The 5G Drama Continues
There has been a lot of discussion on how the nationwide rollout of 5G cellular service in the U.S. will affect the aviation industry.
I’m writing this blog on January 18th — the day before the scheduled 5G rollout.
Earlier today, major airline leaders warned of “catastrophic” disruptions of service due to the 5G rollout. Ironically, the airlines have already had near-catastrophic service disruptions due to winter storms and the effects the Omicron variant of COVID-19 has had on airline personnel. It will be interesting to see what happens tomorrow, January 19, as all these factors combine in what could be a “perfect storm” of airline service disruption.
As we have been following the upcoming rollout of 5G, I must admit I was focused on the airline industry because it was the one making the most noise. Most of the focus has been on how to mitigate 5G interference regarding aircraft operations at and in the vicinity of airports. However, the 5G rollout could have an even more severe impact on another aviation segment — helicopter operations.
The Helicopter Association International (HAI) was one of the first to report that on Friday, January 14, the FAA issued more than 1,600 Notices to Air Missions (NOTAMs) regarding helicopter operation limitations within close proximity to 5G cell towers. These NOTAMs would impact helicopter operations like EMS, fire fighting and law enforcement.
HAI successfully petitioned the FAA to allow exemptions for Part 119 certificate holders authorized to conduct helicopter air ambulance operations under Part 135, subpart L, allowing continued operations with radar altimeters that may not function normally due to 5G interference. The relief will also allow the use of night-vision goggles in air ambulance operations. These exemptions are contingent on certain conditions and limitations: “All pilots conducting operations under the exemption are required to receive and maintain a record of proper training. Additional conditions for NVG operations include the installation of a movable searchlight and a requirement for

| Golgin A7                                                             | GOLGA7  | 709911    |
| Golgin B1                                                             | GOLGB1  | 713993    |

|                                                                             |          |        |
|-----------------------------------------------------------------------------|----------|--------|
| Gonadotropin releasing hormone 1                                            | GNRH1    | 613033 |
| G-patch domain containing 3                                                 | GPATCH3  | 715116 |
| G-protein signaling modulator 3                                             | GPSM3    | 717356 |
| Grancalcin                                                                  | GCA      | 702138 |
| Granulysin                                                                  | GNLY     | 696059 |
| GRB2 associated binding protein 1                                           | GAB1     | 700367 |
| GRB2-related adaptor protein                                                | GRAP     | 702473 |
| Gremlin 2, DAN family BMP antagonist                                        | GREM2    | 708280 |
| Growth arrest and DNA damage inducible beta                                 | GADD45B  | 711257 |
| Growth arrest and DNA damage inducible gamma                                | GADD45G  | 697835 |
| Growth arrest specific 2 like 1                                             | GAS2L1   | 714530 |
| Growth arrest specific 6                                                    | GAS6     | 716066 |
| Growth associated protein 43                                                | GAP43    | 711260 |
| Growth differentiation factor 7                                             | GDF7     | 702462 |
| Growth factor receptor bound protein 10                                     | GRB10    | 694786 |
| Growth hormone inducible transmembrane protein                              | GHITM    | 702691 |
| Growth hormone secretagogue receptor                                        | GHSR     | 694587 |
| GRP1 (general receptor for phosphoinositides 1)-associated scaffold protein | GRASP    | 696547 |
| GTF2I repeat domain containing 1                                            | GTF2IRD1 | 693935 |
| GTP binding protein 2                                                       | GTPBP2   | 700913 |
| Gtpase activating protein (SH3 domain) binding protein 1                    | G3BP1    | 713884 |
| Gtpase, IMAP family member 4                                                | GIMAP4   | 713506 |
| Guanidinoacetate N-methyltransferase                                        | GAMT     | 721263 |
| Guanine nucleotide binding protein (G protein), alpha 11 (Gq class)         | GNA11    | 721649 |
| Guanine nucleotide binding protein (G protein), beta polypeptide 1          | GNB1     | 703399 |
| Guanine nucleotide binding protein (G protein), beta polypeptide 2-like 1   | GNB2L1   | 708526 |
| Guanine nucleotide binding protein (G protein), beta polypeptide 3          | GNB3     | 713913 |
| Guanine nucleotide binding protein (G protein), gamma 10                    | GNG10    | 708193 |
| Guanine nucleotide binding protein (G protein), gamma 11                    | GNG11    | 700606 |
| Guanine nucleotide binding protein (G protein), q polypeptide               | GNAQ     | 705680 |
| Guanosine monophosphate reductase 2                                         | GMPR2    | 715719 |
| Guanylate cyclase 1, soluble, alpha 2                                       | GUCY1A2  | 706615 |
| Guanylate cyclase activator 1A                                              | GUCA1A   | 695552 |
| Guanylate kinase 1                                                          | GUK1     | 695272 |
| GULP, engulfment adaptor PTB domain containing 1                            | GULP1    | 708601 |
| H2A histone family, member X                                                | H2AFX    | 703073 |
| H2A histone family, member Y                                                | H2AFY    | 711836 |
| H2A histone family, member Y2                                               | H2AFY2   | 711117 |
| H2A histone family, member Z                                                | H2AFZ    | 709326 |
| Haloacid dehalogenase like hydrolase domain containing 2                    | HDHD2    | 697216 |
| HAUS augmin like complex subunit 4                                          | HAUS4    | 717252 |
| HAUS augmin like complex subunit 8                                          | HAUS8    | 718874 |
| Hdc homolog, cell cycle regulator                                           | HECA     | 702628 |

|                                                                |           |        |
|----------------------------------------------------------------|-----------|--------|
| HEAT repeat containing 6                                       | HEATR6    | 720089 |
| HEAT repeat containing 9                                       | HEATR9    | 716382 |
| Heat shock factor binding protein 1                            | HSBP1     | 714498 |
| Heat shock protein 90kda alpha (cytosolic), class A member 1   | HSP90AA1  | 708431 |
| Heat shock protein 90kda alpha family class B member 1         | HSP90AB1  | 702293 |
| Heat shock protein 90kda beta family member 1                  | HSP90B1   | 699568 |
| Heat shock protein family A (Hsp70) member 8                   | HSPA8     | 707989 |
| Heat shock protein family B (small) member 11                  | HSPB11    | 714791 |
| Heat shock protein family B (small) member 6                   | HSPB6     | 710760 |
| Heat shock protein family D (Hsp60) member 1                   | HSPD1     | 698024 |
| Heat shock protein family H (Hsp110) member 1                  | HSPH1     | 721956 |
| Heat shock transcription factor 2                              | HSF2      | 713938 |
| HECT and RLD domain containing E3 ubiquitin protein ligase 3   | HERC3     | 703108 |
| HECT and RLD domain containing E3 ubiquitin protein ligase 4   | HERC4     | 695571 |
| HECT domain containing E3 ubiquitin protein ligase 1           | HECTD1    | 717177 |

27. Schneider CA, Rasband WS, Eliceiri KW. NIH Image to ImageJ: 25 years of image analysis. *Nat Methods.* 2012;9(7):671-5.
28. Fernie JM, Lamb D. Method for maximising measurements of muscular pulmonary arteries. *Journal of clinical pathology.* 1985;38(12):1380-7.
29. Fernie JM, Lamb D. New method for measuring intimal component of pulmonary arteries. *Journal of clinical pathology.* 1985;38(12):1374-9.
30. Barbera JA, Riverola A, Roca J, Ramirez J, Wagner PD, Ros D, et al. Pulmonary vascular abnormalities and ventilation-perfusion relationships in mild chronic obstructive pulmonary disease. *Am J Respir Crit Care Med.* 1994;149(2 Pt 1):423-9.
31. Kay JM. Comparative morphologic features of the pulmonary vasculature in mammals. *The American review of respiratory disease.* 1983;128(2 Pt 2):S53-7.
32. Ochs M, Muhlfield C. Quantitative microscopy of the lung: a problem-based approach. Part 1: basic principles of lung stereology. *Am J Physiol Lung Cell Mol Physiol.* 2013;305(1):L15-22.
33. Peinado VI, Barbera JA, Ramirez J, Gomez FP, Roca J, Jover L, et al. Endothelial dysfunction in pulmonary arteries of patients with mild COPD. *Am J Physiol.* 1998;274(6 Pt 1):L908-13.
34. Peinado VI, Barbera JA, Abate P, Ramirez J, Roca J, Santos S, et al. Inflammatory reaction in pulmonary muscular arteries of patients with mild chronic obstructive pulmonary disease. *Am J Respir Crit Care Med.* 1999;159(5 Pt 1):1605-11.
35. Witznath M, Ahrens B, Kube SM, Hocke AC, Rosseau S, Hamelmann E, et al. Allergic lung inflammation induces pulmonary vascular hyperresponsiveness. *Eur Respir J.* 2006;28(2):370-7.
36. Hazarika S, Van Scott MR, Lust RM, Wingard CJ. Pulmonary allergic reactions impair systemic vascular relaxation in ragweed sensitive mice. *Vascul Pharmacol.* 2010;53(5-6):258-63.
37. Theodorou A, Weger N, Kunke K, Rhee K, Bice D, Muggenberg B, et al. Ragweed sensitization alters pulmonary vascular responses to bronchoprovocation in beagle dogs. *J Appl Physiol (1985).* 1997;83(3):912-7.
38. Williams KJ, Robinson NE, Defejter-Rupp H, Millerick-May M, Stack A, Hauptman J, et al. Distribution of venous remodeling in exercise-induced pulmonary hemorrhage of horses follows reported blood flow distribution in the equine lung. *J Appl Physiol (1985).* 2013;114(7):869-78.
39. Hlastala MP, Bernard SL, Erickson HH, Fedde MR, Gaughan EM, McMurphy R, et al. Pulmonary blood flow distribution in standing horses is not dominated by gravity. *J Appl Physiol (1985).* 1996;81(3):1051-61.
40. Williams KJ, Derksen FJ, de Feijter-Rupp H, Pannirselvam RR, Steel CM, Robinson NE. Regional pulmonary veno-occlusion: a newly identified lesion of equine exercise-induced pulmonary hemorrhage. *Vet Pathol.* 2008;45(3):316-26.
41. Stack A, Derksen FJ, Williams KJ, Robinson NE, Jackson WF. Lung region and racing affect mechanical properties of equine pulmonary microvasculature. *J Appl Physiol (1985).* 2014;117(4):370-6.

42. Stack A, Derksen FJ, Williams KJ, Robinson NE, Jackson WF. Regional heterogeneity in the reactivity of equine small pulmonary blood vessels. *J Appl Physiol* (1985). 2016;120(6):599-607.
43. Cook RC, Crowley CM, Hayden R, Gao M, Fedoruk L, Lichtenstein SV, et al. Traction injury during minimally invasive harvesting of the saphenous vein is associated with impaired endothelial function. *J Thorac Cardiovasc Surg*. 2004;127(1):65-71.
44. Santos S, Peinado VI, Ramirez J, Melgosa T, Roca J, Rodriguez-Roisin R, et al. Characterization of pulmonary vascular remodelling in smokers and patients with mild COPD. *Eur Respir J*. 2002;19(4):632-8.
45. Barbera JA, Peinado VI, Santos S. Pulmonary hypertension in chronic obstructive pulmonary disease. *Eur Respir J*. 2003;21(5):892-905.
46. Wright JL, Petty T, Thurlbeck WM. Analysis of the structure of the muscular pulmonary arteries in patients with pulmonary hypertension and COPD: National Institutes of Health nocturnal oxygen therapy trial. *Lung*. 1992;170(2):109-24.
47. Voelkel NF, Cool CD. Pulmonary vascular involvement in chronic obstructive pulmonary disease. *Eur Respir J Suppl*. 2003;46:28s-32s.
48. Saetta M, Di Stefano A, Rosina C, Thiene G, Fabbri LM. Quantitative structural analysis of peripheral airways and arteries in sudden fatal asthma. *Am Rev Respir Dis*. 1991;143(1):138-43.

pilots or crew members to establish radio contact with ground personnel
at a landing site so they can receive and confirm a description of the landing site.”
HAI has created a portal to collect information from operators affected by the FAA’s restrictions related to 5G deployment. You can visit the portal at https://rotor.org/5g-amoc/. HAI encourages operators to visit the portal to submit information about how 5G has negatively affected their ability to operate. The information gathered will help the FAA to measure the scope of the issues caused by 5G interference and, where possible, provide remedies through alternative methods of compliance (AMOCs).
In closing, I can’t help but think how ironic it would be if someone with a 5G enabled cell phone could contact emergency responders in the case of a medical emergency, only to have life-saving services disrupted by the same cell phone technology that allowed the call to take place in the first place.
Thanks for reading! – Joe Escobar